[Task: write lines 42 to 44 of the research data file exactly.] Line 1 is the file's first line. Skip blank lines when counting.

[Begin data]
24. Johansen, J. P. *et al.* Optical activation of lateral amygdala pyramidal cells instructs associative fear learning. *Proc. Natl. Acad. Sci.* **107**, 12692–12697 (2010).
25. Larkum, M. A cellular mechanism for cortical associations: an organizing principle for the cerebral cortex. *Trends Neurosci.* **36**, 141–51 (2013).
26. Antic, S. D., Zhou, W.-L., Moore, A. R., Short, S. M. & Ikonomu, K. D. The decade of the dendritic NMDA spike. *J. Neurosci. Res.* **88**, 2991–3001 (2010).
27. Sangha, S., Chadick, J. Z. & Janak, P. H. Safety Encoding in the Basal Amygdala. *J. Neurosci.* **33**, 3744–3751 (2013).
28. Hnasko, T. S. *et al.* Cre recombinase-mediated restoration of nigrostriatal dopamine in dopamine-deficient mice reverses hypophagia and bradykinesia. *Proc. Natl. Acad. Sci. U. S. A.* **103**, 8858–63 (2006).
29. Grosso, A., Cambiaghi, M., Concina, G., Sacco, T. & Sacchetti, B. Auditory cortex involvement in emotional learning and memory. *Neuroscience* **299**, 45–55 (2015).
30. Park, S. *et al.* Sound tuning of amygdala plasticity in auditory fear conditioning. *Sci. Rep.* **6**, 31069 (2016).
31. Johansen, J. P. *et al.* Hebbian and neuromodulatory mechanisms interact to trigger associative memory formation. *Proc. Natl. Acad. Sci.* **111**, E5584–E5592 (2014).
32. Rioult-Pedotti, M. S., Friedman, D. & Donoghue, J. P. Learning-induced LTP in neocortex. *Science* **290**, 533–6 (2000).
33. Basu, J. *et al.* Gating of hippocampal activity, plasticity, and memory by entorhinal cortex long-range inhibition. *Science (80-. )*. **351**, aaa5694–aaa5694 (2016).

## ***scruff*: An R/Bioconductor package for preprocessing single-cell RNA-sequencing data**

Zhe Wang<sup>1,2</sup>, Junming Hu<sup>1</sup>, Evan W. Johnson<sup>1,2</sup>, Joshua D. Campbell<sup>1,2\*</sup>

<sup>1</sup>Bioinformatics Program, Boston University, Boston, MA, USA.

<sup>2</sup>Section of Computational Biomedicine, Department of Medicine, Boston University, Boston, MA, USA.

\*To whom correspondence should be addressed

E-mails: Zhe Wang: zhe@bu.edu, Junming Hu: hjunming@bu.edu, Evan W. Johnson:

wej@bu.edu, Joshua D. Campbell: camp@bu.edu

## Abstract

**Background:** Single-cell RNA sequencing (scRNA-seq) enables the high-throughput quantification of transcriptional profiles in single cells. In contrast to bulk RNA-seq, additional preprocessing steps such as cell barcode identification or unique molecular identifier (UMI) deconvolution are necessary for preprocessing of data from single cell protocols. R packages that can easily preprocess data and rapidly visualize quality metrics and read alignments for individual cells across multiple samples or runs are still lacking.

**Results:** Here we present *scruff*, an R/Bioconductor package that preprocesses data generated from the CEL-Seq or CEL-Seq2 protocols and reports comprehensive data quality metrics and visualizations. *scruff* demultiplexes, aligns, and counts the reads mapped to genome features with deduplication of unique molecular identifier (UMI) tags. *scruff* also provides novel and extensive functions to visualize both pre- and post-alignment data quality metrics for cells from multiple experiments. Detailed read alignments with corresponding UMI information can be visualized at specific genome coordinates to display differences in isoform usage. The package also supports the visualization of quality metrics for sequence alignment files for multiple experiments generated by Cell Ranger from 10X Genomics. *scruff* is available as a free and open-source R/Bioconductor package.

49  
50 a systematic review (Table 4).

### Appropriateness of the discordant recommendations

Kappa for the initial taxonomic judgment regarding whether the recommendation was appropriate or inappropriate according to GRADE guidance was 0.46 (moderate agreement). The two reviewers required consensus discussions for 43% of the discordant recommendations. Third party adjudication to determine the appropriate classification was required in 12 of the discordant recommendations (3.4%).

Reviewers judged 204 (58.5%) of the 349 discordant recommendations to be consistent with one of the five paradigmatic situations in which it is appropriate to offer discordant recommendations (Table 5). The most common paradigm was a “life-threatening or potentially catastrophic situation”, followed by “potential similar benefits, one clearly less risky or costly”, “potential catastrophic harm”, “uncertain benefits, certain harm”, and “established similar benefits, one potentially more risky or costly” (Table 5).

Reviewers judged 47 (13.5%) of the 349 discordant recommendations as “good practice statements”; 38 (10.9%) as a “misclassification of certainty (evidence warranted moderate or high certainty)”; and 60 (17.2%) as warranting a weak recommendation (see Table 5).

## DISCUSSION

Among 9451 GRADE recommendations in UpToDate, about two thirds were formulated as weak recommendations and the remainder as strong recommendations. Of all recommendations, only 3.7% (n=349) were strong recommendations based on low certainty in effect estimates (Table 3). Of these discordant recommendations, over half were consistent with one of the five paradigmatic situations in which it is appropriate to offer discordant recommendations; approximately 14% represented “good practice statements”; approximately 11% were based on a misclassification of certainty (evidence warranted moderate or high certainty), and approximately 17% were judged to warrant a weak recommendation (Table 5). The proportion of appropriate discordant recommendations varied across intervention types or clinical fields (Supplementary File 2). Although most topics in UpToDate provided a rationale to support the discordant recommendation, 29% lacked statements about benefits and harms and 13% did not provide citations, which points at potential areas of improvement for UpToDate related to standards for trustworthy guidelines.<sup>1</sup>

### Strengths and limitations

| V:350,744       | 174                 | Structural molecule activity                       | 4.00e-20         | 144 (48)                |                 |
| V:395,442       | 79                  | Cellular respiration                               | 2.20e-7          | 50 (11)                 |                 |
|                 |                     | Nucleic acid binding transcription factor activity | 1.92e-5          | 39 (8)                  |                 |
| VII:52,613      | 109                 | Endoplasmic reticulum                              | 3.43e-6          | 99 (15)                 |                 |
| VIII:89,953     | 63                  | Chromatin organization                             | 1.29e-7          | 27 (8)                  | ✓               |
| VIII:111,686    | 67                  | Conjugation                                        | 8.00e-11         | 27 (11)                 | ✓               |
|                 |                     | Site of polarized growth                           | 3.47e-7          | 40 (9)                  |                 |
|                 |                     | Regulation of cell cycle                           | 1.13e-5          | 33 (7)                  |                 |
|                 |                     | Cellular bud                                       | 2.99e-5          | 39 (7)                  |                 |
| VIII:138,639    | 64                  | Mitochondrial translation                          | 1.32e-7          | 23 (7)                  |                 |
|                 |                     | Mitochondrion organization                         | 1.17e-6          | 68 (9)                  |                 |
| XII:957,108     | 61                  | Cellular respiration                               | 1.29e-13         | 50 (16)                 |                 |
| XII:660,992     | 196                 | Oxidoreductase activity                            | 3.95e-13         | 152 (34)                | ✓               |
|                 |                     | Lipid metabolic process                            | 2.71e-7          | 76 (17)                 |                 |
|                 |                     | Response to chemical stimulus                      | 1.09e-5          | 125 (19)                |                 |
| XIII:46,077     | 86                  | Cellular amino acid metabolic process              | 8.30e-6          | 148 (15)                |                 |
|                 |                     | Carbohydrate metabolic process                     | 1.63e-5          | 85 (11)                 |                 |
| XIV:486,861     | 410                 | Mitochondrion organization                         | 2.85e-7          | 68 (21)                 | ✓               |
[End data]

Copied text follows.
| XII:660,992     | 196                 | Oxidoreductase activity                            | 3.95e-13         | 152 (34)                | ✓               |
|                 |                     | Lipid metabolic process                            | 2.71e-7          | 76 (17)                 |                 |
|                 |                     | Response to chemical stimulus                      | 1.09e-5          | 125 (19)                |                 |